Wide World of Medieval Recreation

SCA Today is a rather nice medieval/SCA news site; I just dropped by it for the first time in a long while. Since I’m awake, I thought I’d link to some stories that might be of interest to folks who come to my blog.

A Classical Studies professor has written a book on the social significance — to ancient Roman women — of the clothes and fashions they chose to wear.

In the SCA, folks simulate medieval fighting. They have thus created a rather strenuous martial art, with real armor, real shields, real helmets, and “swords” that function as clubs made out of rattan and duct tape. (Rattan weaponry can still break bits of other people. Hence the armor.) Push for Pennsic (a Midrealm SCA event that prepares the kingdom’s fighters for melee fighting in units at the Pennsic War in August) was up in Wapakoneta this year. The local newspaper did a quite nice article, and my old barony’s gold and ermine are showcased in the photo. đŸ™‚

An article on that oceangoing Viking longship that sailed last summer.

A 3D virtual cathedral at Duke.

Some undisclosed ancient-lineaged family in Tokyo had socked away a full Muromachi period ms copy of The Tale of Genji. Then an even older ms, which had been thought lost during WWII, finally surfaced. Geez! Check your ancestral attics more often, will ya?!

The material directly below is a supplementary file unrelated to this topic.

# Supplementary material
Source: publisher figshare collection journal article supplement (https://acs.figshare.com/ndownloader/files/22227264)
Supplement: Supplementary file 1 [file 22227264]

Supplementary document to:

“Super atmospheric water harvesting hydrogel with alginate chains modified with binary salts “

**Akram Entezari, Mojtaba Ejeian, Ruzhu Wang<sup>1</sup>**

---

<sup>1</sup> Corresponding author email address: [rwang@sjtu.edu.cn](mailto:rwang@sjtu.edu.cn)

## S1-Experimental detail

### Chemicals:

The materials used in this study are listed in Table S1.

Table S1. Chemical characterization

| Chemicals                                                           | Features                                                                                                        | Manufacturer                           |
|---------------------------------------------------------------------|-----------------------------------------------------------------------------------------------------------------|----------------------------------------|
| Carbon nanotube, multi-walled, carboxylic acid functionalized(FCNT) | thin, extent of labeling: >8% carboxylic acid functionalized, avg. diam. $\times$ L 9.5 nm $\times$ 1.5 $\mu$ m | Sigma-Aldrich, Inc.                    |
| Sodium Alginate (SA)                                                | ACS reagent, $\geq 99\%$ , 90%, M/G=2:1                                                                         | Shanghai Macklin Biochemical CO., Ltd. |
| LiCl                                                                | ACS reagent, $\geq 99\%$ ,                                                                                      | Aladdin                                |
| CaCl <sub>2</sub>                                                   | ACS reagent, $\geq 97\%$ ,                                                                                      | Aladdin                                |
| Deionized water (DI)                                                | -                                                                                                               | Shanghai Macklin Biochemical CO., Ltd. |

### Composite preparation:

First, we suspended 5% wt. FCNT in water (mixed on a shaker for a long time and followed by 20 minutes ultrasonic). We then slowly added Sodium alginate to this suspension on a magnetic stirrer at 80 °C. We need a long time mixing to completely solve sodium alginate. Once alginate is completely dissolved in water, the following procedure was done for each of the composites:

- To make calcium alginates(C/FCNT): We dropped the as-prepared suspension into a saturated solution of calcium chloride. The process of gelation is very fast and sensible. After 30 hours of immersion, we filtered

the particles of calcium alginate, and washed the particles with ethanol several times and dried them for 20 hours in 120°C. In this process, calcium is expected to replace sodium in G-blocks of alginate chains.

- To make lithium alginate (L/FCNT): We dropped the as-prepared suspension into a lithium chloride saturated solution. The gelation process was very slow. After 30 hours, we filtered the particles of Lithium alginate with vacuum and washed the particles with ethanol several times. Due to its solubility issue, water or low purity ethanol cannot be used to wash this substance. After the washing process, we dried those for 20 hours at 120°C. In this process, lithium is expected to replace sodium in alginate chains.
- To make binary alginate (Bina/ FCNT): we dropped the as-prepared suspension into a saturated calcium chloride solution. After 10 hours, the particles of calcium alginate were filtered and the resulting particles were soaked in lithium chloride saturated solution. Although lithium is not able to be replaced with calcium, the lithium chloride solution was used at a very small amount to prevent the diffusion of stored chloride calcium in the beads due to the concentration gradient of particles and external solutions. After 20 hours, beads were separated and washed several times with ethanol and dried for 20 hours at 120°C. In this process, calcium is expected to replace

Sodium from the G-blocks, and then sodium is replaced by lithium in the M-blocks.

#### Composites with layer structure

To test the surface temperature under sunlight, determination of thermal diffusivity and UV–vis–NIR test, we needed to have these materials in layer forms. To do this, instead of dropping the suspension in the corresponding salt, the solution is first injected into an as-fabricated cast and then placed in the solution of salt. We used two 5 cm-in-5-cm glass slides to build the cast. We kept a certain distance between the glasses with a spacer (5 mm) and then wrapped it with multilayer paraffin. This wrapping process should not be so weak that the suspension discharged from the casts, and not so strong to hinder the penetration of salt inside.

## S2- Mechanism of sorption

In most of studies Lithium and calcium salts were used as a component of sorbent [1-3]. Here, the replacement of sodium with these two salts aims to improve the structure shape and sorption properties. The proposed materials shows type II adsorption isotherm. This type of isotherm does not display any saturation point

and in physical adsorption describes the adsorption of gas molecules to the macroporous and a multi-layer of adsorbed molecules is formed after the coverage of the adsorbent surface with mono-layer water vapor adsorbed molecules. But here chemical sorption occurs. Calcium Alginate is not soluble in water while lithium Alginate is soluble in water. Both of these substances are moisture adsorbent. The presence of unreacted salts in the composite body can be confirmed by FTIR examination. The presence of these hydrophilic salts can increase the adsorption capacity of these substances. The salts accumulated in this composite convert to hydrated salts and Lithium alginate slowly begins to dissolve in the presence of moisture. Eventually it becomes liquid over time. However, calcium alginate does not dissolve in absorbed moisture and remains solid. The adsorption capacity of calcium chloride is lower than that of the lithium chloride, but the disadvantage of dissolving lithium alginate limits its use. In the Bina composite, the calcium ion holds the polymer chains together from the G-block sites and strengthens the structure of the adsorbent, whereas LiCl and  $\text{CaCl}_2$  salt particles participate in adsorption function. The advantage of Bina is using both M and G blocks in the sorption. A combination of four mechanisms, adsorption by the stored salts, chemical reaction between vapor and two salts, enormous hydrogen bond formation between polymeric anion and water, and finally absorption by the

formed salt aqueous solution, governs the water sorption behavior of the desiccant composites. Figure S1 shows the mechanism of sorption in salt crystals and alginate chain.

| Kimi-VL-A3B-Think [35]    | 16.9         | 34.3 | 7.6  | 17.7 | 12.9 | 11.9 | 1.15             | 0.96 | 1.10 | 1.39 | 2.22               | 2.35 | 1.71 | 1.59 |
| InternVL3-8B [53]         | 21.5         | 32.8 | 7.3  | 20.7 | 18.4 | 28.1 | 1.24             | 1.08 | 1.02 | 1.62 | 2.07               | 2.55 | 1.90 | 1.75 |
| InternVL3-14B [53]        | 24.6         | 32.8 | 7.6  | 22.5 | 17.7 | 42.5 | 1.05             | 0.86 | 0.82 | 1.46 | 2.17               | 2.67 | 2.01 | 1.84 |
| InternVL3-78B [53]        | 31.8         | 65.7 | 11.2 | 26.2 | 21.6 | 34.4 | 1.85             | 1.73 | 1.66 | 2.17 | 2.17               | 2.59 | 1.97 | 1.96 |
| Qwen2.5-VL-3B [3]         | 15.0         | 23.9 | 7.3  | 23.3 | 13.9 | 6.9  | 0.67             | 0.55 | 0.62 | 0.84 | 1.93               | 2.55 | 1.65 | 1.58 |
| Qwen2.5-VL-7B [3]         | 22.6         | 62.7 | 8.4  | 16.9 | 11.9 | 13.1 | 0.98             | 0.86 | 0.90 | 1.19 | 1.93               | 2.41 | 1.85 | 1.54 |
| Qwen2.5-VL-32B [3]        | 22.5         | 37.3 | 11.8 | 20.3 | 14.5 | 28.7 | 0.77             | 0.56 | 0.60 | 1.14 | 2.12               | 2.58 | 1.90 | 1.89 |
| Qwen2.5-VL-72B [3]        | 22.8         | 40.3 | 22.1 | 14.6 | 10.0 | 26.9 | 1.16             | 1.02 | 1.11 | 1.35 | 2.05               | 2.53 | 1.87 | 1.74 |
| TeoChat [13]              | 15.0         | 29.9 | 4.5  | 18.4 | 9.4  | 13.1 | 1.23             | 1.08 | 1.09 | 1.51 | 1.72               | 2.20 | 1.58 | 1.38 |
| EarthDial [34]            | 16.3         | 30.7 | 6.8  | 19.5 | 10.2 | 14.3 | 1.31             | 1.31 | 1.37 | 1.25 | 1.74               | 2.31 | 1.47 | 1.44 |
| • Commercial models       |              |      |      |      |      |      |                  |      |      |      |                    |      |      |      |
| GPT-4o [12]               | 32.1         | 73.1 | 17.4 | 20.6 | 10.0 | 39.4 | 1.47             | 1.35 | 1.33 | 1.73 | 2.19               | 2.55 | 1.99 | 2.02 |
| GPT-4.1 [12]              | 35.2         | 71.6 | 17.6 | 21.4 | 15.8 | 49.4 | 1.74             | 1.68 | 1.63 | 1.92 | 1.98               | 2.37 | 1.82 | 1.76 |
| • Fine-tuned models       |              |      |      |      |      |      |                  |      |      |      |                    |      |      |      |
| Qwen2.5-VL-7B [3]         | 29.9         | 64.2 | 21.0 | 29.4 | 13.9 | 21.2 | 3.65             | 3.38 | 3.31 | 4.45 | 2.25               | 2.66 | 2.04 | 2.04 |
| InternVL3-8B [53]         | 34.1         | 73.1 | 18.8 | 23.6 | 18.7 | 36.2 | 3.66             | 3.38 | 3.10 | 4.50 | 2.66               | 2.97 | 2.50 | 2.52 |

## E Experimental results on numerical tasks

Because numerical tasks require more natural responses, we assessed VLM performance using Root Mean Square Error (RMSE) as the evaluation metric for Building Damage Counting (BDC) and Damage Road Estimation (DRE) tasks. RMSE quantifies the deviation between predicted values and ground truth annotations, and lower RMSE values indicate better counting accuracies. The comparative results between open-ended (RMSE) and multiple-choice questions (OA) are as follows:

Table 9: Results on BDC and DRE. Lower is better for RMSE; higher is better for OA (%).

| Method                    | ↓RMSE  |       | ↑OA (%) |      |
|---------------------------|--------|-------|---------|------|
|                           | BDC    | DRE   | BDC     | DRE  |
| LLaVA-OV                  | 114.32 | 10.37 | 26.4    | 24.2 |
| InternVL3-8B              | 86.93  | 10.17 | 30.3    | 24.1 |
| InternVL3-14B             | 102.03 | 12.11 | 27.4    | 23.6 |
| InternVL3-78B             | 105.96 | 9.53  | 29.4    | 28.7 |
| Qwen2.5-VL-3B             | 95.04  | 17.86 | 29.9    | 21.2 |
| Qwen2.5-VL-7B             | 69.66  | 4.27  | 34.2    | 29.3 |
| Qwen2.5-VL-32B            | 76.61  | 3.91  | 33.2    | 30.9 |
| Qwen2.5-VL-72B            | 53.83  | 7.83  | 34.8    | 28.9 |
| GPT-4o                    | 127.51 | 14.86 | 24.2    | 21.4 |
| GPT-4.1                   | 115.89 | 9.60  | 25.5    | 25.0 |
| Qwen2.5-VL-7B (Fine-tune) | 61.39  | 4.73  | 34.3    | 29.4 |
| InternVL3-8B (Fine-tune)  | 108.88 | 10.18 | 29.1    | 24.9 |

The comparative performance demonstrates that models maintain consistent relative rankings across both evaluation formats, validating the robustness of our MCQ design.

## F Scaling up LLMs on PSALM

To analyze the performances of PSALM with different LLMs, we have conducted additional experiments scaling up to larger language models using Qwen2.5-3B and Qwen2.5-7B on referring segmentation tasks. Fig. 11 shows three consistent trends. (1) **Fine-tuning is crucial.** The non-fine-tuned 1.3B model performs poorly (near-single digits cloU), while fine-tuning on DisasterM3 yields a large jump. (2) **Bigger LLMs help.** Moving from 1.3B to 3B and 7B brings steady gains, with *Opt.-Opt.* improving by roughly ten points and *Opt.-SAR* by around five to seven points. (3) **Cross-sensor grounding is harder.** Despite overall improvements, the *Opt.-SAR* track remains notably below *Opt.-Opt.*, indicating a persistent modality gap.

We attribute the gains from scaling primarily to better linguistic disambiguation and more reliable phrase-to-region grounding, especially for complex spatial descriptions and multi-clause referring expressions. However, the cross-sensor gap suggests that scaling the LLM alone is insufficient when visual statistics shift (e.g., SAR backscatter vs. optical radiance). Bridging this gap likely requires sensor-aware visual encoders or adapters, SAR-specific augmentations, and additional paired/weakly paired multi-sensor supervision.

Another nice newspaper article on SCA doings, this one focusing on a local group’s educational efforts directed at the general public.

Astronomers recalculate the date of Caesar’s invasion of Britain. ‘Cause time and tide wait for no scholar.

Austin SCA members try keeping the canonical hours at a camping event. You’ll note that this wasn’t a super-serious attempt (there are public domain medieval books of hours and translations of them, but they apparently didn’t try to read any real liturgies of the hours). But just keeping the rhythm of a day in this way would be pretty enlightening. Also, you will note that they didn’t do it out of anti-Christian mockery, and apparently didn’t suffer any anti-organized religion backlash. Both of these things can certainly happen in the SCA (or did in my day), although most folks are polite and keep any anti-religious sentiments to themselves.

The illustrious theater track at Pennsic will grow in luster once again, as a group plans to produce A Man for All Seasons. (In 2009. Not this year.)

Medieval scriptorium safety tip: Don’t lick the cinnabar paintbrush. (Or breathe the cinnabar when you grind it up to make the paint, or use the paint in an unventilated area. Cinnabar is mercury.)

Finally, if you feel the need to count your blessings, you might want to check out this little girl, Avery. She’s the daughter of an SCA guy, according to Joe Bethancourt (whom I know), and she’s had some very severe cancer. There’s a matching fund you can donate to. There’s also an update blog, which for some reason is behind a consent wall. (I guess because it’s “disturbing” to read about a little girl with cancer and a father trying to make a home for his kids and accept help graciously.)

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